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14/11/2014 Buenos Aires Herald - Nota - Nota de tapa - Pag. 4 
Gov't faces friendly fire for Defence University 

Lawmakers turn proposal into law amid concern from progressive groups 
The ruling Victory Front (FpV) came under friendly fire yesterday after lawmakers allied with the national government voted to create the National Defence University, which will be under the direct supervision of Defence Minister Agustín Rossi and the heads of the armed forces. The law grants more power to the military to define the syllabus within their ranks with scant civilian supervision, whereas opposition lawmakers said the initiative will ultimately benefit controversial Army Chief César Milani, accused of human rights violations during the last military dictatorship that ruled the country between 1976 and 1983.
The law was approved with 112 votes in favour and 74 against of it.
After approving the nationalization of the Mothers of Plaza de Mayo University, Kirchnerites were in the eye of the storm for promoting the creation of an educational centre for military officers. It was President Cristina Fernández de Kirchner and her Defence minister, Rossi, who promoted the creation of the university that groups together all the military institutes that exist throughout the country.
Kirchnerite lawmakers Jorge Rivas and Adriana Puiggrós — who used to head the Lower House's Education committee — opposed the initiative sponsored by the Kirchnerite administration.
The most controversial aspect of the law is that it gives academic autonomy to the university. Its board of directors will be made up of the Defence minister, the armed forces joint chief of staff and the heads of the Navy, the Army and the Air Force.
According to the law, it will also be open to civilians, not only military officers.
Kirchnerite lawmaker Martín Gill was in charge of defending the bill that had been approved by the Senate in May.
"This is part of the policy that seeks to democratize the armed forces that the government has been leading since 2003," Gill said.
According to the foundations of the bill, then-president Néstor Kirchner issued two decrees in 2003 to put personnel training in the hands of the Defence Ministry. Two years later, the ministry — which was then led by progressive minister Nilda Garré — created a commission to assess the military forces syllabus.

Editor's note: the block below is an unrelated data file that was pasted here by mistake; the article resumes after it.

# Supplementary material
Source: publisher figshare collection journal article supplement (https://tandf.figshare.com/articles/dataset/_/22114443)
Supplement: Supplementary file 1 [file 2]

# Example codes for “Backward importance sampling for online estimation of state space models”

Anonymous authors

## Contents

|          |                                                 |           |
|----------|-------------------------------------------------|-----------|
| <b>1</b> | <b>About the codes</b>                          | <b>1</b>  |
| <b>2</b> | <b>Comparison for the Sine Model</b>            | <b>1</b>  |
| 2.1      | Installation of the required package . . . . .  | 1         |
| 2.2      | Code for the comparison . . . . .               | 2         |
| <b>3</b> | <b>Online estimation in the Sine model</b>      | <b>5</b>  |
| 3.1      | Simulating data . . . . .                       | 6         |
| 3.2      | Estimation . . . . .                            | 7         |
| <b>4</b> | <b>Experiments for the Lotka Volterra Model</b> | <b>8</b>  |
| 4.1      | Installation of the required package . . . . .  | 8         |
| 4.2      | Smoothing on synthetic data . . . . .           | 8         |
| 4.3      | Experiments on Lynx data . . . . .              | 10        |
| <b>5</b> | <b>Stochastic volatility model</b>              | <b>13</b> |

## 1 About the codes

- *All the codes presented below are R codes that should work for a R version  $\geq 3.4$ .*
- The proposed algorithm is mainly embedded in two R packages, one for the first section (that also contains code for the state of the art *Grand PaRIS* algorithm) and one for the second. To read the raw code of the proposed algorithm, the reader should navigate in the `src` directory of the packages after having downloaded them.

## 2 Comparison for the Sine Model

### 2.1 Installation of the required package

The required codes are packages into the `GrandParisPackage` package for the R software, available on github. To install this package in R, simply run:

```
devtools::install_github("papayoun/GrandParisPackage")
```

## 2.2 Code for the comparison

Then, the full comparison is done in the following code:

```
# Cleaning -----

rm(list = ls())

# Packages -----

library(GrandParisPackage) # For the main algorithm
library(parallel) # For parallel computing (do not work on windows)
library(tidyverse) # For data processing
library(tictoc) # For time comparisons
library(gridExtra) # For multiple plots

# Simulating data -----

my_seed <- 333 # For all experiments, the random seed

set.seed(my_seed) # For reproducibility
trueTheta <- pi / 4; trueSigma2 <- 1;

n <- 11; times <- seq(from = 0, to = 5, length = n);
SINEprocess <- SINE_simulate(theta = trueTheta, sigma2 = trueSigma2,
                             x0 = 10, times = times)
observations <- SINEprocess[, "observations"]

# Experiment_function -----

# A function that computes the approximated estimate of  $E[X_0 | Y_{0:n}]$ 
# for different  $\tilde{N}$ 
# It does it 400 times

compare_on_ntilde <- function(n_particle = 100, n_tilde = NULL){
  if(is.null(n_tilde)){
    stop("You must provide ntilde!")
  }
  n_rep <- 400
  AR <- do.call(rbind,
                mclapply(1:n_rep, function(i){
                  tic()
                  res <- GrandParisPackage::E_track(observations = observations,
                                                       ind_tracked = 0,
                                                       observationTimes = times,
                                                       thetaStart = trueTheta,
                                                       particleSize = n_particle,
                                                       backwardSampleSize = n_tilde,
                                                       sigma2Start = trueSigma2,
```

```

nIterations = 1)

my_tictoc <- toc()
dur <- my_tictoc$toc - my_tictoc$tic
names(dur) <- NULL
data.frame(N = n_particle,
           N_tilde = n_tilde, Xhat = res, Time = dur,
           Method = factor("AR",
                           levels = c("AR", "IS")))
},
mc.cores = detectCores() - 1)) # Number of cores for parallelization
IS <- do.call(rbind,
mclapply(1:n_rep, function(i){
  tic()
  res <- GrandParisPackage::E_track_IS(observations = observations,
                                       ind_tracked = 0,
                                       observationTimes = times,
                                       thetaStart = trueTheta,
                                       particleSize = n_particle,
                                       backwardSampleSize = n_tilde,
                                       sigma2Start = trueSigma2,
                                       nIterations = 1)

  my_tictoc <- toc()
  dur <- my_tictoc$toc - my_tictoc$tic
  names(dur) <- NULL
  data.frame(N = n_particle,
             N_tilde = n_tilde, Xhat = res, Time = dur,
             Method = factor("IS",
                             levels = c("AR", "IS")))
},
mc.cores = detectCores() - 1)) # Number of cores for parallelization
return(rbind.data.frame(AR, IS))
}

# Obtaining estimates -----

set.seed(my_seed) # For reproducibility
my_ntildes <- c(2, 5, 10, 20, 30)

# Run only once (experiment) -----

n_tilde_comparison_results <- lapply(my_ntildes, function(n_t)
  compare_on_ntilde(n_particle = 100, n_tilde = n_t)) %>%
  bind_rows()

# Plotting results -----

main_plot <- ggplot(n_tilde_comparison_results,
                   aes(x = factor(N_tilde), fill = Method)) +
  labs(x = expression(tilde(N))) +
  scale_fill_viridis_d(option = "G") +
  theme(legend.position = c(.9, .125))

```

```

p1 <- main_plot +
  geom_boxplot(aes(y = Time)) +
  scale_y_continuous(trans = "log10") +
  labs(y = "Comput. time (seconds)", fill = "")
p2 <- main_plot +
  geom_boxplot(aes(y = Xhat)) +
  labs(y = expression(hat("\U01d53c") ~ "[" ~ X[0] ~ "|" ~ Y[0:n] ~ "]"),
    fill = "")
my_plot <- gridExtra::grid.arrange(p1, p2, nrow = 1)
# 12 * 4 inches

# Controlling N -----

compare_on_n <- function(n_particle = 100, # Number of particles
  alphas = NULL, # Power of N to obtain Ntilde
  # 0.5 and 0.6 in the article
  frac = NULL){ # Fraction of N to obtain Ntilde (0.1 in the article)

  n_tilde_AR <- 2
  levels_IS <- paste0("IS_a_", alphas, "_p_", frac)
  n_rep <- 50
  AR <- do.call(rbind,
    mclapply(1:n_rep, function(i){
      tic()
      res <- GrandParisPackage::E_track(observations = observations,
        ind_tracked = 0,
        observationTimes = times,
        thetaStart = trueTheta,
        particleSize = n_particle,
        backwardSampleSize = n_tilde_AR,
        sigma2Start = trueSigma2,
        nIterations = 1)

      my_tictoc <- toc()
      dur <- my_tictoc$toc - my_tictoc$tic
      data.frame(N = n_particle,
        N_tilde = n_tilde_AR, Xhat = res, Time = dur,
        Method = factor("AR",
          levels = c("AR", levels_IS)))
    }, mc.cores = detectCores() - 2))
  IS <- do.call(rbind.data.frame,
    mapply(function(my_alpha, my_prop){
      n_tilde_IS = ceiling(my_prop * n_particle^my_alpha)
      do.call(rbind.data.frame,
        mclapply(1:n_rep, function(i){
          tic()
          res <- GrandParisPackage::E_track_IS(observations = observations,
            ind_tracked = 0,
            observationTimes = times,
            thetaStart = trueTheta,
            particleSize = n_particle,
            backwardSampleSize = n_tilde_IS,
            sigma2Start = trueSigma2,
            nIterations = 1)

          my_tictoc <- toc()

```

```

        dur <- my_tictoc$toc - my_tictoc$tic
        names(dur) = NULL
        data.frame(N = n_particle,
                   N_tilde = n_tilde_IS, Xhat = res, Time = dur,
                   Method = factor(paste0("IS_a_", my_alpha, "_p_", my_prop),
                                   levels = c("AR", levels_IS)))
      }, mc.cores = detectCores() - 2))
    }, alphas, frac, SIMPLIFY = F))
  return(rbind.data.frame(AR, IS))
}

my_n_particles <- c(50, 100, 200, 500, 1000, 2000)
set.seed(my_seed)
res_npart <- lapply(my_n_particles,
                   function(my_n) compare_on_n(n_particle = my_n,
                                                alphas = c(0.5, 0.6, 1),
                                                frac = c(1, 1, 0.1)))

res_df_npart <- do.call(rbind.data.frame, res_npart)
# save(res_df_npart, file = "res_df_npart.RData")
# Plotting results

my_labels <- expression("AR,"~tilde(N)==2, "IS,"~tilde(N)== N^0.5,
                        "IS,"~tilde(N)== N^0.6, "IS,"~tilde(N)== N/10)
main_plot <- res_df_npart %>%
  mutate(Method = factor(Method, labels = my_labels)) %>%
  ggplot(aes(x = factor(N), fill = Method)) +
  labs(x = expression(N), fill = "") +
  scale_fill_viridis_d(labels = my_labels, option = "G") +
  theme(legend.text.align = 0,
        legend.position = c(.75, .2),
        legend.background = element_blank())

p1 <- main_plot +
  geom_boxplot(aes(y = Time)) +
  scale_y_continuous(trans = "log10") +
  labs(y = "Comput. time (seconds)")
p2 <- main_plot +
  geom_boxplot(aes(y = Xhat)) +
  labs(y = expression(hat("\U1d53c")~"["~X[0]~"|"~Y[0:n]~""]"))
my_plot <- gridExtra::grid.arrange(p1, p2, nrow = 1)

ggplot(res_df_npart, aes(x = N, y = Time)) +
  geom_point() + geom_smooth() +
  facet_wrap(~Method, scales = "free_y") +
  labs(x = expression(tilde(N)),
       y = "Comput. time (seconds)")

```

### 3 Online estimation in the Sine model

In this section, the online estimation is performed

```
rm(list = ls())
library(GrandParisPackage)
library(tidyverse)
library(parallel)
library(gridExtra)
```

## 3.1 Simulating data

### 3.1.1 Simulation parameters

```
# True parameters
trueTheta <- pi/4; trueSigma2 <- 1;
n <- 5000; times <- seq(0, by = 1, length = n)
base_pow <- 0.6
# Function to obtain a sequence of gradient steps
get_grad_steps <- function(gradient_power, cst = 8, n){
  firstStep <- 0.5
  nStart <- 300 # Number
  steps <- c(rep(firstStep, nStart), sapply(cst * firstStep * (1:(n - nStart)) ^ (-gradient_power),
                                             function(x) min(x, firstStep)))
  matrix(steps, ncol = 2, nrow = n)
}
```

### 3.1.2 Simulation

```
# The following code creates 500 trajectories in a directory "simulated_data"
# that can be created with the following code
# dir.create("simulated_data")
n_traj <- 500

The commission uncovered that the three armed forces — the Navy, the Army and the Air Force — followed different syllabi for the studies and that they were not based on generally accepted human rights principles.
The members of the commission also said that the military academies were not in touch with the national universities to update the content of their syllabi.
The university — once it is created — will have its headquarters in Buenos Aires City but will have branches in seven other regions.
Puiggrós yesterday criticized the idea that the military officers will be in charge of designing the content for the university.
"We won't have this minister forever," Puiggrós warned. "We should be careful about the training we give younger officers, preventing them from disobeying the subordination to civilian authority," the leader of the Frente Grande (Broad Front) within the FpV said. Garré, who left the Defence Ministry in 2010 to head the Security Ministry until last year, was also a member of that political force that is aligned to Kirchnerism.
"The point should not be to create a military university that allows civilians to attend but rather to create a university for all citizens," the former Buenos Aires provincial Education minister said.
Along with Rivas, Puiggrós proposed the creation of a university of national defence based on late former president Juan Domingo Perón's idea of national defence. Perón used to say that the defence was not only a concern for the military but for the rest of the nation as a whole.
Puiggrós also criticized the bill because it did not ban people convicted or indicted for human rights violations.
"I don't want to think who could become an adviser for the university," the lawmaker said.
Radical (UCR) party José Riccardo explained that the UCR caucus was going to oppose the bill because it would mean the appointment of general Milani as a member of the university council.
Milani's appointment was approved last year by the Senate amid controversy from opposition parties and some human rights organizations.
Milani is accused of having taken part in the forced disappearance of conscript Aberto Agapito Ledo in Tucumán province in 1976 and was mentioned in La Rioja's Never Again 1984 report for allegedly being involved in abductions perpetrated during the dictatorship years. Milani denied having committed crimes against humanity and the government says he cannot be forced to step down due to the presumption of innocence principle.
Civic Coalition leader Elisa "Lilita" Carrió also criticized the proposal. "Milani is going to rule this university. You should not create a new Massera," she said in reference to Emilio Eduardo Massera, who commanded the Navy during the first years of the last dictatorship and was responsible for thousands of forced disappearances.
Herald staff

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